My company is not really an eXtreme Programming shop, but we are somewhat inspired by it. We are currently doing a project in which some people are involved in pair programming. I recently witnessed an amusing situation involving this practice. The team that works at the other desk in my office found a bug which they could not figure out. They came to the conclusion that it might be in the...
on Sep 23, 2003

Web Services and XML

Phil Howard of Bloor Research presents anargument I've heard more than once recently: "The reason why there is this trend away from pure XML storage is because advanced XML capabilities are being introduced by all the leading relational vendors." As the developers of Object Oriented DBMS discovered, he says, "the truth is that (like it or not) the market will make do with what the relational...
on Oct 4, 2003

Deployment

A colleague of mine just pointed out that in Richard Monson-Heafel’s EJB book (3rd edition) configurations like Stateless Session Bean (SLSB) -> Stateful Session Bean (SFSB) are considered meaningless. I understand that any EJB book cannot deal with all possible scenarios otherwise you need a truck to take the book home but I find it too interesting not to talk about. Luckily I can discuss in my...
on Oct 2, 2003
Finally I found time for a technical log here at Java.net. This time I want to discuss a shortcoming of the EJB specification and how they can be fixed to make the life of EJB developers and application server administrators easier and the deployed applications more robust. Originally the EJB specification assumed that the applications are deployed at startup of the application server and the...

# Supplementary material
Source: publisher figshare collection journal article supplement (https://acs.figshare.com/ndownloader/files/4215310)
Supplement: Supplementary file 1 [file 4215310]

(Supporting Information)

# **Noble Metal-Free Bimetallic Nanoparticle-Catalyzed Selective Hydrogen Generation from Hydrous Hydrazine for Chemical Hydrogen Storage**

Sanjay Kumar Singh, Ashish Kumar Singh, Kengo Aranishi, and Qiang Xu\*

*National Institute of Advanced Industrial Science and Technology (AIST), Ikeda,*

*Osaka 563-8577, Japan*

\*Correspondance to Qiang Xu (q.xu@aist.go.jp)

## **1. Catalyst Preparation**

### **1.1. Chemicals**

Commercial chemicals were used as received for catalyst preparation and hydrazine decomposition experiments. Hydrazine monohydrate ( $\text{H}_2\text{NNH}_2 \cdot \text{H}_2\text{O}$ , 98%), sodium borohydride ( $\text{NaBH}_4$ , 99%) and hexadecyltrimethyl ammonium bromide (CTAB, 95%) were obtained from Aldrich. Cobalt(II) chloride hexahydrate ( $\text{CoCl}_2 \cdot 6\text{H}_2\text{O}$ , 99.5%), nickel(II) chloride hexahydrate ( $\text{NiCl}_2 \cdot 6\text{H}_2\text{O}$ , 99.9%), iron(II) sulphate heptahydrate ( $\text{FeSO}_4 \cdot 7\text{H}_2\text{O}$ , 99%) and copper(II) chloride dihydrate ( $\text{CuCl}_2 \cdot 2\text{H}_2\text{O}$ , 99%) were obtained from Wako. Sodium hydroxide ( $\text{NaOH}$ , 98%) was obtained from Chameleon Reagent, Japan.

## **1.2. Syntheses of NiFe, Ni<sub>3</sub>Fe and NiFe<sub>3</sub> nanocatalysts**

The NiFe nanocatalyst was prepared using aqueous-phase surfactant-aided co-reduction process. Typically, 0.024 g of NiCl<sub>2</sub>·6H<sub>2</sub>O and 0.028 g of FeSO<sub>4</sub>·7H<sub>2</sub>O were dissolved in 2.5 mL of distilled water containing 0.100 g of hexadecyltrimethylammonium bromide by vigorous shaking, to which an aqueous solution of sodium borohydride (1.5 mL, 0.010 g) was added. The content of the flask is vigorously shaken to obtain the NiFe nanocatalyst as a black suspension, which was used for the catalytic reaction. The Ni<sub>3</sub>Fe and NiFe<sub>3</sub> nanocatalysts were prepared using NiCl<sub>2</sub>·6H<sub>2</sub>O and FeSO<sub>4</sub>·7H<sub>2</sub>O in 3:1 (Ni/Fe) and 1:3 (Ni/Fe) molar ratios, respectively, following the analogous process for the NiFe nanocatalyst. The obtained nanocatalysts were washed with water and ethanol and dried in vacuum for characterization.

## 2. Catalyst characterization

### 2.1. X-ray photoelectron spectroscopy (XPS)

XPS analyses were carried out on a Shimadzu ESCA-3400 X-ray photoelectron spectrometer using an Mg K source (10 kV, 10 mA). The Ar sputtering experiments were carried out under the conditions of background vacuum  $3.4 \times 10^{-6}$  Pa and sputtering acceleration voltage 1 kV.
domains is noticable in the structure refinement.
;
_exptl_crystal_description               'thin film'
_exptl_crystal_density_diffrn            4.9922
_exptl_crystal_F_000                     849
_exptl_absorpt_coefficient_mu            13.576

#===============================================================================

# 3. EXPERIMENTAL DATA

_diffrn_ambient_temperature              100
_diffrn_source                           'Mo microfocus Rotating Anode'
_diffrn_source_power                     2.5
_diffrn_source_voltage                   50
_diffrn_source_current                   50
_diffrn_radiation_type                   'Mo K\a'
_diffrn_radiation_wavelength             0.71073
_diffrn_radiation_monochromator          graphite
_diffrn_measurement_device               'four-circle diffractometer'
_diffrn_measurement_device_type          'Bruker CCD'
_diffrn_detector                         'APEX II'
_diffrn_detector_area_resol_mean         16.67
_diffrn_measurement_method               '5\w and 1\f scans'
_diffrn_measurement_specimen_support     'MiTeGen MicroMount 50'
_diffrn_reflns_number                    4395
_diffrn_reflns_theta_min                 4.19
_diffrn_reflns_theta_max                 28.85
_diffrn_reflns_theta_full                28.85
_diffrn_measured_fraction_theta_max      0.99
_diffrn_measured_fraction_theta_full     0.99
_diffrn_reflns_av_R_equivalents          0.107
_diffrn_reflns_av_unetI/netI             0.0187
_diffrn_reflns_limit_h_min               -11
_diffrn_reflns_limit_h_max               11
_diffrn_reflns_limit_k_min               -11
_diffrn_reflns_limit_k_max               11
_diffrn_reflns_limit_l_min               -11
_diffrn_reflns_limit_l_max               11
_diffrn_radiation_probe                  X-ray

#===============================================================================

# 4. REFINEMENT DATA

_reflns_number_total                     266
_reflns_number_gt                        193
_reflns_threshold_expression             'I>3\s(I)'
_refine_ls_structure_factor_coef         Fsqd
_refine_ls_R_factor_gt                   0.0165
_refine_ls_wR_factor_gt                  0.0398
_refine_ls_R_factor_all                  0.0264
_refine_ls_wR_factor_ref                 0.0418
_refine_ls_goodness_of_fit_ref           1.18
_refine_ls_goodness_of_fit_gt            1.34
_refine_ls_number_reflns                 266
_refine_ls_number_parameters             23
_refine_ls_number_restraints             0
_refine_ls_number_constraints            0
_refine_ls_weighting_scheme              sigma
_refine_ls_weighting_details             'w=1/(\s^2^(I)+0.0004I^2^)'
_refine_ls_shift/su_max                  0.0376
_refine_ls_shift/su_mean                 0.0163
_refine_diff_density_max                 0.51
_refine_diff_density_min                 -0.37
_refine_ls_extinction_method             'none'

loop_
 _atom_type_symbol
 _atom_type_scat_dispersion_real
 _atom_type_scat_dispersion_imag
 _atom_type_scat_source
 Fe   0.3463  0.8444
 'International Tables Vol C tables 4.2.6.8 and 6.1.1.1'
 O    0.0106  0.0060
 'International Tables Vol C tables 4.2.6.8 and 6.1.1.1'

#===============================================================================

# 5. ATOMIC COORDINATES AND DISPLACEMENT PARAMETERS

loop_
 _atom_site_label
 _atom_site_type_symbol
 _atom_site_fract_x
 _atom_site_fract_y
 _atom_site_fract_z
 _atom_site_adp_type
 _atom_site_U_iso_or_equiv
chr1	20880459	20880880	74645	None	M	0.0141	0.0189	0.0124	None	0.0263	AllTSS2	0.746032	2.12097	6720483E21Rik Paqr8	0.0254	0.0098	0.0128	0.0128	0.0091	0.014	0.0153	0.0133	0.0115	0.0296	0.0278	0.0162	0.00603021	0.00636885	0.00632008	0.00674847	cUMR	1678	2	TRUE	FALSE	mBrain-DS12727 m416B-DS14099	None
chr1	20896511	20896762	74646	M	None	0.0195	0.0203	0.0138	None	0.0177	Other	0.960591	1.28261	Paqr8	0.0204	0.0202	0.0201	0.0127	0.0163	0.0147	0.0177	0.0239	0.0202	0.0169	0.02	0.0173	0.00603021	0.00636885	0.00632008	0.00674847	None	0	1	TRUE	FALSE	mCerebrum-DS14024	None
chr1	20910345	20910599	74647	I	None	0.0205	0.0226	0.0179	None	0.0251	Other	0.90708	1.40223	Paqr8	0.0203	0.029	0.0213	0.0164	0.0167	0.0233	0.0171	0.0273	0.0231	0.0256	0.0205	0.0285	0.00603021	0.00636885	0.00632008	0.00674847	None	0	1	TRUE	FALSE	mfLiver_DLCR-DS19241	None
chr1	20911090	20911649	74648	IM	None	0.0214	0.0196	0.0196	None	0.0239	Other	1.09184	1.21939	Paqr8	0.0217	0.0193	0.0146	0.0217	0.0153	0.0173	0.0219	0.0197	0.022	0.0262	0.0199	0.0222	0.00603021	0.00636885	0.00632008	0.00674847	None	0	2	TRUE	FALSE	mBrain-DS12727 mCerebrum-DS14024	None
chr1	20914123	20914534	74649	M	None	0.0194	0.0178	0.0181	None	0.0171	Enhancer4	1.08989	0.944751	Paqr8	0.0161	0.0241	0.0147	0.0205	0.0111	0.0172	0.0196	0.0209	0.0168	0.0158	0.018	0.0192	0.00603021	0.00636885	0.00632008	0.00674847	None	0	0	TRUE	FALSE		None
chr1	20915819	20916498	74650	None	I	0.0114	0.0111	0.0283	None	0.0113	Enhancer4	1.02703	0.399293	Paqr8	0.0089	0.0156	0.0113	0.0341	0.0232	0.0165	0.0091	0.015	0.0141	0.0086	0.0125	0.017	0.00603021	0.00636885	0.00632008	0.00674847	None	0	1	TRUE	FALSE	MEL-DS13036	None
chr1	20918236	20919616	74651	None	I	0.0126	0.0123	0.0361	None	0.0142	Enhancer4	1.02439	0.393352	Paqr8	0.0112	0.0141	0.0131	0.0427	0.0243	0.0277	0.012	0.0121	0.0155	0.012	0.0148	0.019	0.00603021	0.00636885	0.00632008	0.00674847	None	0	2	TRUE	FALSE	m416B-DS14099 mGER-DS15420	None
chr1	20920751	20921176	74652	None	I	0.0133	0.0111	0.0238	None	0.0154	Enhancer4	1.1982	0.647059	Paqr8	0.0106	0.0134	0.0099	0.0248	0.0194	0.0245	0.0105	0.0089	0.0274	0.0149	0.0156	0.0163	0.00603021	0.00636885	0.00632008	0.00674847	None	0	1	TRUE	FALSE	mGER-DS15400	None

on Sep 30, 2003

Tools

Dear John…er...I mean Debugger: We’ve had a really good time together over the past 20 years. There’s never been just one of you of course. My debuggers have changed languages many times. First, it was Pascal, then C, then C++, and now, naturally, Java. But throughout our relationship, your purpose in my life has always remained the same. You helped me weed out those nasty bugs and make my code...
on Oct 1, 2003

Performance

The September issue of the Java Performance Newsletter was published. Here is the content list. Timers and audio performance How do you synchronize audio and video frames? What is Java's current capability for recording audio samples? Why is clock skew important to audio recording? In this article Scot Mcphee describes what you need to know about timers for recording audio samples from Java. All...
on Oct 1, 2003

Patterns

Joel Spolsky ("Joel on Software") built his company offices designed for actual programmers and their teams. A radical notion, really. Here's one sample: Put lots of outlets in each office at desk height. No reason to be crawling on the floor with your butt in the air as an invitation to anyone passing by. Also some cool ideas about floor plans to increase everyone's light, etc. Okay, his...
on Sep 28, 2003

Swing

It's Friday so I thought I'd do another Swing hack: When I'm doing really complicated Swing layouts I often have trouble figuring out which component on screen matches the one in my code, especially if there are custom widgets or subclasses that look the same as normal ones (like formatted text fields) or that don't have easy to see borders. To assist in debugging these I created a component...
on Sep 26, 2003

Open Source

I've found I want to reuse code from almost every project I've ever worked on. Plus other people treat my code as library code years longer than I thought possible. So when I create Java code, I produce reusable .jars of code. Structuring the project correctly at the beginning to help reuse seems to be important, but isn't without cost. I have settled on one way, but am not convinced it's the...
on Sep 25, 2003

Community

I spend most of my time as a Java developer happily writing code without explicitly thinking about encapsulation, polymorphism, and inheritance as underlying principles. I mean those things are given. It would be like noticing wheels are round each time I get in my car. Just like I exploit the roundness of my tires as I tool down the street, I make use of the object-oriented features of Java...
on Sep 24, 2003